Barely seven days have passed since Judge Neil Gorsuch offered his opening statement before the Senate Judiciary Committee as the hearing on his Supreme Court nomination kicked off.
And while Republicans have, as expected, praised Gorsuch for his decency and judicial sobriety, Democratic senators have exhibited doubts, skepticism and sentiments tantamount to contempt.
Similar feelings dominated comments made by national civil rights leaders during a recent news briefing after their careful analysis of Gorsuch’s testimony including the perspective of Kristen Clarke, president and executive director of the Lawyers’ Committee for Civil Rights Under Law, who testified before the committee on March 23.
“After [several] days of hearings, we know less than we did about Roberts,” Clarke said. “At moments, he’s been evasive and unresponsive and has been unwilling to state that the right to vote is important. He has a strong law and order perspective and in many cases, he has sided with law enforcement and deferred to them on excessive force issues.”
“Gorsuch’s nomination comes at a tumultuous time in history with a spike in hate crimes and ongoing efforts to [hinder] the minority vote. We need someone whose interpretation of the Constitution and criminal laws would not be a threat to all Americans. We are unable to support this nomination,” Clarke emphasized.
Other briefing participants included: Wade Henderson, president/CEO of The Leadership Conference on Civil and Human Rights; Marc Morial, president/CEO, the National Urban League; the Rev. Al Sharpton, founder/president, National Action Network; Sherrilyn Ifill, president/director-counsel, NAACP Legal Defense and Educational Fund; and Melanie L. Campbell, president/CEO, National Coalition on Black Civic Participation and convener, Black Women’s Roundtable.
They all agreed that there’s much at stake with this nomination as Gorsuch could swing the Supreme Court to the right as it addresses issues ranging from voting rights and criminal justice jurisprudence to housing and employment discrimination. And while the Republicans remain in the majority, several decisions must be made by the all-but-powerless Democrats.
Democrats could threaten a filibuster as Republicans, with 52 votes, lack the required 60 needed to overcome it. Still, they do have enough, if Majority Leader Mitch McConnell decided, to change the rules. By exercising the “nuclear option,” the GOP can eliminate the filibuster and confirm Gorsuch with 51 votes.
McConnell, however, has said changing the rules comes with a cost — when the filibuster goes, it’s gone for good. Further, both the current GOP majority and White House could be eradicated in a few years — opening the door for the Democrats to advocate for their own justice of choice.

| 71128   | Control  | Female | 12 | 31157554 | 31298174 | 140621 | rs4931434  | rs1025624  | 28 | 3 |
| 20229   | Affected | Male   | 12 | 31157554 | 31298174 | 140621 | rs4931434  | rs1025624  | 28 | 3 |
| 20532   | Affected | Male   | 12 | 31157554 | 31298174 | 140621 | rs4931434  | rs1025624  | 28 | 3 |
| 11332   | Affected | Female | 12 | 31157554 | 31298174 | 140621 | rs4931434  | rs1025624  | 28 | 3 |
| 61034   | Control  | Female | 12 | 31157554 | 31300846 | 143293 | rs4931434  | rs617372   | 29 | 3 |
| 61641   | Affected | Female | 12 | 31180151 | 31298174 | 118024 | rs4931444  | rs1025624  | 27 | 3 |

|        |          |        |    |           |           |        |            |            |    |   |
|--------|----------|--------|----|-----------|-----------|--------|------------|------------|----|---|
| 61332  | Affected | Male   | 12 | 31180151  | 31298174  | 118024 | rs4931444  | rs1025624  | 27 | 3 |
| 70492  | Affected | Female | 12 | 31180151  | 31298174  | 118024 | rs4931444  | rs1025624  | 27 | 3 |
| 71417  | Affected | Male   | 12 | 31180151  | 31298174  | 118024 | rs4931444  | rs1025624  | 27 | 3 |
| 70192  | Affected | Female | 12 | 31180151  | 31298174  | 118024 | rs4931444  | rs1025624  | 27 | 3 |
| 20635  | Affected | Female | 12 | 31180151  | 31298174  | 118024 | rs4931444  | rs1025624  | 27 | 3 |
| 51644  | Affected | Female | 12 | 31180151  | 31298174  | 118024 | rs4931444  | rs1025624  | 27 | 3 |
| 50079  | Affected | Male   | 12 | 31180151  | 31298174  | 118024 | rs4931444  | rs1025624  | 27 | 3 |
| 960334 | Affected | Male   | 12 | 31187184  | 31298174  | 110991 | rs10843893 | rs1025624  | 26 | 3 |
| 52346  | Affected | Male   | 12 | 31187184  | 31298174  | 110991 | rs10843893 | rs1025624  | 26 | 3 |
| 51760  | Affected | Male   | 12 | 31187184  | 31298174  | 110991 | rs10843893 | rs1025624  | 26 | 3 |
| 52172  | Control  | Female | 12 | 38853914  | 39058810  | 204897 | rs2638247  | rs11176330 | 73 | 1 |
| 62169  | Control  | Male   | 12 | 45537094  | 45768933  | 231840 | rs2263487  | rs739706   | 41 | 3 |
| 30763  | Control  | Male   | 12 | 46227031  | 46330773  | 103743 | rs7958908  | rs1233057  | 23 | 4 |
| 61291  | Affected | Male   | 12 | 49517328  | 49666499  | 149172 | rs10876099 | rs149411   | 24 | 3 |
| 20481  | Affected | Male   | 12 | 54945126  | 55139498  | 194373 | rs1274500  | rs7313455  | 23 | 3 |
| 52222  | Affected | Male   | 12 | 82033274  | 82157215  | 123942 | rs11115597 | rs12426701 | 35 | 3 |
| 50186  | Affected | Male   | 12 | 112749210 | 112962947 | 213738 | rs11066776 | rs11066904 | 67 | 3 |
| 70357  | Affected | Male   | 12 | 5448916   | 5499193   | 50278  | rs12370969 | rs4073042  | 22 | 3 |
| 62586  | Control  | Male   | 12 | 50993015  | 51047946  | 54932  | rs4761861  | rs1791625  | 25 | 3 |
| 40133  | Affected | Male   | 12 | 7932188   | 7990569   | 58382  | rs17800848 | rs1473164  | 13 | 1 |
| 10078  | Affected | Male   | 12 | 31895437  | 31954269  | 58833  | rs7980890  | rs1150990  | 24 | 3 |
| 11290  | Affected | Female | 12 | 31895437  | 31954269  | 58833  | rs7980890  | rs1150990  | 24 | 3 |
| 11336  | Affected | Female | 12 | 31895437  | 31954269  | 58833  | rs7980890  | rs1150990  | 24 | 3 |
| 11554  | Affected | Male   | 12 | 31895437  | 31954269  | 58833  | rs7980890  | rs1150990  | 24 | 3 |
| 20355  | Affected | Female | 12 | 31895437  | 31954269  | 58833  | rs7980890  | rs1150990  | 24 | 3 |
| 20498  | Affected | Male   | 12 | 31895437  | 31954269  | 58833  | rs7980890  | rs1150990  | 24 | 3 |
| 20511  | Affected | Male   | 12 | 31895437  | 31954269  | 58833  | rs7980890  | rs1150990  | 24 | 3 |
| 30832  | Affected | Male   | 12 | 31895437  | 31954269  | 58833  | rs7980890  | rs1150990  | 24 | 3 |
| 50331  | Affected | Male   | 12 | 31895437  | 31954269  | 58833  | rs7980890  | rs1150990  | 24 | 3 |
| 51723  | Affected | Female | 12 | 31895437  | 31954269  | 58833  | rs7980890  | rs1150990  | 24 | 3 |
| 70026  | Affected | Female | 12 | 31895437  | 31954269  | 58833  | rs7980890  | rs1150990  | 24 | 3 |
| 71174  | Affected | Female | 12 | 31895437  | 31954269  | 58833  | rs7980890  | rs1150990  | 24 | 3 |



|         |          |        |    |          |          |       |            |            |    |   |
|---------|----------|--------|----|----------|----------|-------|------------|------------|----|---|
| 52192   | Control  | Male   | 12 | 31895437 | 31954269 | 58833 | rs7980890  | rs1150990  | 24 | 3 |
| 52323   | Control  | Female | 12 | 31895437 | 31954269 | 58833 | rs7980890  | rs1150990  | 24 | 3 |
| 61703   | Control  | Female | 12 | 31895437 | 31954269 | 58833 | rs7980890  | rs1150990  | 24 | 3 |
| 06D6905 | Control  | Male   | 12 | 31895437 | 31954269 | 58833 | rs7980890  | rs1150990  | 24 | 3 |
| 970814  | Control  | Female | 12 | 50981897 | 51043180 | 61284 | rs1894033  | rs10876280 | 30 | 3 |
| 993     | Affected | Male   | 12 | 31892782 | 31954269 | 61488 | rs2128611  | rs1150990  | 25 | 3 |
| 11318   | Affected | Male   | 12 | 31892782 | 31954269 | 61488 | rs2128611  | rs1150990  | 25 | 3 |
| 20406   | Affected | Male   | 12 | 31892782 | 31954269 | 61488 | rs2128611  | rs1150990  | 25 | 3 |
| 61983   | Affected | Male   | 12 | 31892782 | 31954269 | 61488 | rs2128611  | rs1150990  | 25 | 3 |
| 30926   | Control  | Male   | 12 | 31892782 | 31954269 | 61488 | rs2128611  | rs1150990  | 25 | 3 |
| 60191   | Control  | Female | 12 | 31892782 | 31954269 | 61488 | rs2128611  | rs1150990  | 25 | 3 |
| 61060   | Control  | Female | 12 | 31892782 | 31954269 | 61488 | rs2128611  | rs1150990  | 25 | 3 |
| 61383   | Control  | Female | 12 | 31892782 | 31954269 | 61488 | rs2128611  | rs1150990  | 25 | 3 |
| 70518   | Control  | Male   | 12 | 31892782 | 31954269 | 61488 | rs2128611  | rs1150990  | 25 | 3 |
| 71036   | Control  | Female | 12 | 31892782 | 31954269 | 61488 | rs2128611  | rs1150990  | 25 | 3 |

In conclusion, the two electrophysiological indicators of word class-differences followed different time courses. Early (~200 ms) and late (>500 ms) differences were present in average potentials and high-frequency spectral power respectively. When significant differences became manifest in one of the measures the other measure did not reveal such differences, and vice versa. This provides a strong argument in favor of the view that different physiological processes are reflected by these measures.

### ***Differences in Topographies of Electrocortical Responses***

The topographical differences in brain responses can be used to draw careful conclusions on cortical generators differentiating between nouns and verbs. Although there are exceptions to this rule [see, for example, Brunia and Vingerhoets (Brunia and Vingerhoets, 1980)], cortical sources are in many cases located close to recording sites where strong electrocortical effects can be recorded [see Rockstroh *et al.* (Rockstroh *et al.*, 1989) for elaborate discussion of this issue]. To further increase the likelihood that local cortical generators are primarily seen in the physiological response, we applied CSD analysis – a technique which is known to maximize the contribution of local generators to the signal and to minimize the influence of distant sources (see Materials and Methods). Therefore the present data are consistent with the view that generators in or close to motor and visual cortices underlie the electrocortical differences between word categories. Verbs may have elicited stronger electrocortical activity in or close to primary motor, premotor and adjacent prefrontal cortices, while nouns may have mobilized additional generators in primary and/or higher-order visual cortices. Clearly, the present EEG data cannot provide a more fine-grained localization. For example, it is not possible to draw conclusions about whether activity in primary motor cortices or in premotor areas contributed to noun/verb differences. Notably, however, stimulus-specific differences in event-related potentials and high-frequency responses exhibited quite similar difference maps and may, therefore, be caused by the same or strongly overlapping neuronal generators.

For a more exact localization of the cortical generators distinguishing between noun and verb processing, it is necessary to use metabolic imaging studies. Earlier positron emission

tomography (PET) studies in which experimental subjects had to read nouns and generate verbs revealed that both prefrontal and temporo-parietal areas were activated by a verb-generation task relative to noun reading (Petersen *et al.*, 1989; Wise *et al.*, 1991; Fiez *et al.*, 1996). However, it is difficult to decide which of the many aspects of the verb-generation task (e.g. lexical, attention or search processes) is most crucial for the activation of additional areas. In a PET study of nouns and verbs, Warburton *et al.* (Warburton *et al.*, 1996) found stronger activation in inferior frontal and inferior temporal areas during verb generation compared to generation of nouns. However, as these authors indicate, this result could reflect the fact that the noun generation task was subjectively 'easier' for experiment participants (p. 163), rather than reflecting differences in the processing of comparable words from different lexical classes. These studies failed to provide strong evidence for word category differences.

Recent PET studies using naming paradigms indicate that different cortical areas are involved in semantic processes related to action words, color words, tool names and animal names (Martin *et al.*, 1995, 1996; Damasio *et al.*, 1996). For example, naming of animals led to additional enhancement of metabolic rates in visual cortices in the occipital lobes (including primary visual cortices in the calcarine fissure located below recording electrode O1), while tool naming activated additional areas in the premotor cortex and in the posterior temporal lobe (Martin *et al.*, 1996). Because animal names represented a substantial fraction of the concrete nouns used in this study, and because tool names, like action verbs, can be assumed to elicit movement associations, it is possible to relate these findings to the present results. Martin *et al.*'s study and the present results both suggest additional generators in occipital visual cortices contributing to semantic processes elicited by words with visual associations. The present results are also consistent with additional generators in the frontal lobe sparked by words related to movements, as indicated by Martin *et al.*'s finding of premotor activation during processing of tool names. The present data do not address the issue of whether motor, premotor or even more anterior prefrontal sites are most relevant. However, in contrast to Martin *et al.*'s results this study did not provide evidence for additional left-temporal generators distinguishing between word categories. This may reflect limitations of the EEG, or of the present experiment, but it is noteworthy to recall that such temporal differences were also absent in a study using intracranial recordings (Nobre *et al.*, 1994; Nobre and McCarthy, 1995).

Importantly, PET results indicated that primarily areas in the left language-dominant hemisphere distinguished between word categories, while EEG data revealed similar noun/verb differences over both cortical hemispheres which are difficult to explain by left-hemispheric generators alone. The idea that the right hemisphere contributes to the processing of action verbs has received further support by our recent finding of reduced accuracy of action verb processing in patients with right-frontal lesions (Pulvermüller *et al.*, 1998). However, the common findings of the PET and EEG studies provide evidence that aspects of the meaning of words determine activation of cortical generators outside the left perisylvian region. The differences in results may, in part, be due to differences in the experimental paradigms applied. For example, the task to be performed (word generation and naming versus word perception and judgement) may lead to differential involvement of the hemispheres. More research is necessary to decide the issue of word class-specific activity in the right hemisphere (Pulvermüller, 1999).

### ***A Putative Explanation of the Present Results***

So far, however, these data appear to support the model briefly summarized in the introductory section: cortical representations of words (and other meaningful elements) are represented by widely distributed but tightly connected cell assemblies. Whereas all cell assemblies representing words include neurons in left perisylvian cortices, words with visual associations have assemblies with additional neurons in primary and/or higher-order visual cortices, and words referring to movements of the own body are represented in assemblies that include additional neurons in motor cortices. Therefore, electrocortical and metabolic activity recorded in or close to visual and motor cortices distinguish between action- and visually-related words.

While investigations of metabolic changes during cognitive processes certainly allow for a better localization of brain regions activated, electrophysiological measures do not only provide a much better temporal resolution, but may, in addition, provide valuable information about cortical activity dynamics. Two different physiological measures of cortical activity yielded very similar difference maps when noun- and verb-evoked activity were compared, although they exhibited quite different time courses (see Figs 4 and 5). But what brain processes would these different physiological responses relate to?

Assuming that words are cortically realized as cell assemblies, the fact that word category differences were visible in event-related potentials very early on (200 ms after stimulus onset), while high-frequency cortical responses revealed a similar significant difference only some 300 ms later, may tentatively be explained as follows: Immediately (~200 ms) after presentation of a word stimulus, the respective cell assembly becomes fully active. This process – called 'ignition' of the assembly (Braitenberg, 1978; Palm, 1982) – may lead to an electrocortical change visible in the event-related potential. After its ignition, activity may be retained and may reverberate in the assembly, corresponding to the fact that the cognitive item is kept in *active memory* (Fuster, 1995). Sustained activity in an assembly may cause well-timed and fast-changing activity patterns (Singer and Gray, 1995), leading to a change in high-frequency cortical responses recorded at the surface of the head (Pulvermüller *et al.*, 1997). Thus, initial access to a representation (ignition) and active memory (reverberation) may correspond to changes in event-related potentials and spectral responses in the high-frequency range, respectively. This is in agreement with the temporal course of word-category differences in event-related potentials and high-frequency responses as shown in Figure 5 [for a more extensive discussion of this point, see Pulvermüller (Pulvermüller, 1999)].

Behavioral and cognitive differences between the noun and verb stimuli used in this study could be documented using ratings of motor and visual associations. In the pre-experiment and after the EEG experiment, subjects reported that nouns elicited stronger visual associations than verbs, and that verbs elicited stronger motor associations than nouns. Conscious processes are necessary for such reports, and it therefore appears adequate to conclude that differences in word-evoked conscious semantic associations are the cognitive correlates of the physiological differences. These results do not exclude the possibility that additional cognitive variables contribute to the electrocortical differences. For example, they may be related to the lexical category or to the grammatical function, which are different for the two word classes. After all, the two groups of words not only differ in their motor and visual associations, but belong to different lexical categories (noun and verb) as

Ironically, the Dems faced a similar decision in 2013, albeit with much lower stakes, and moved ahead, using the nuclear option so that President Obama’s nominees, then being held up by Republicans, could be confirmed.
It should be noted that it [the nuclear option] only applied to executive branch appointments — cabinet nominees and judicial nominations not including the Supreme Court. Earlier this year, Minority Leader Chuck Schumer told a CNN reporter that he now regrets the move.
One briefing participant said he could not support any Republican nominee after the GOP held up Obama’s nominee, Judge Merrick Garland, for close to a year after being chosen to replace the late Antonin Scalia.
“So far, Gorsuch has given a fine performance — using a stolen script for a hijacked seat,” Sharpton said.
“He should never have even been there. There should have been a hearing for Garland. Any senator who chooses to engage in this exercise should be viewed as a lawbreaker who has chosen to avoid the legal powers of a sitting president. Republicans nuked the right of President Obama — you can’t just go around it or ignore it as if it never occurred,” Sharpton said.
Morial says given the obvious divisions that currently exist in America, he believes any Supreme Court justice should have “more than the required 60 votes.”
“We want and we need a justice who’s passionate and enthusiastic about civil rights in the 21st century,” he said. “By ducking and dodging and evading tough questions all while maintaining a calm demeanor illustrates that Gorsuch is a conservative activist who would go in with a hard, right agenda. This is a lifetime appointment and as such a nominee should have the support of senators from both sides of the aisle. The threshold of 60 votes should, at a minimum, be maintained.”
Ifill agreed with Sharpton’s view that Gorsuch pulled off a “brilliant performance.”
“He wants us to believe that he’s merely a humble servant of the law, modeling himself under Scalia as a lion of the law. We should take him at his word and conclude that he’d go even further than Scalia. That’s why we oppose his confirmation,” Ifill said.
Campbell’s opposition centered on her concerns about women’s rights.
“A review of Gorsuch’s past record suggests that he would be in favor of limiting women’s access to health care, birth control and funding to Planned Parenthood. Women’s equal access to justice is at stake with this nomination. We strongly oppose the nomination of Judge Gorsuch,” Campbell said.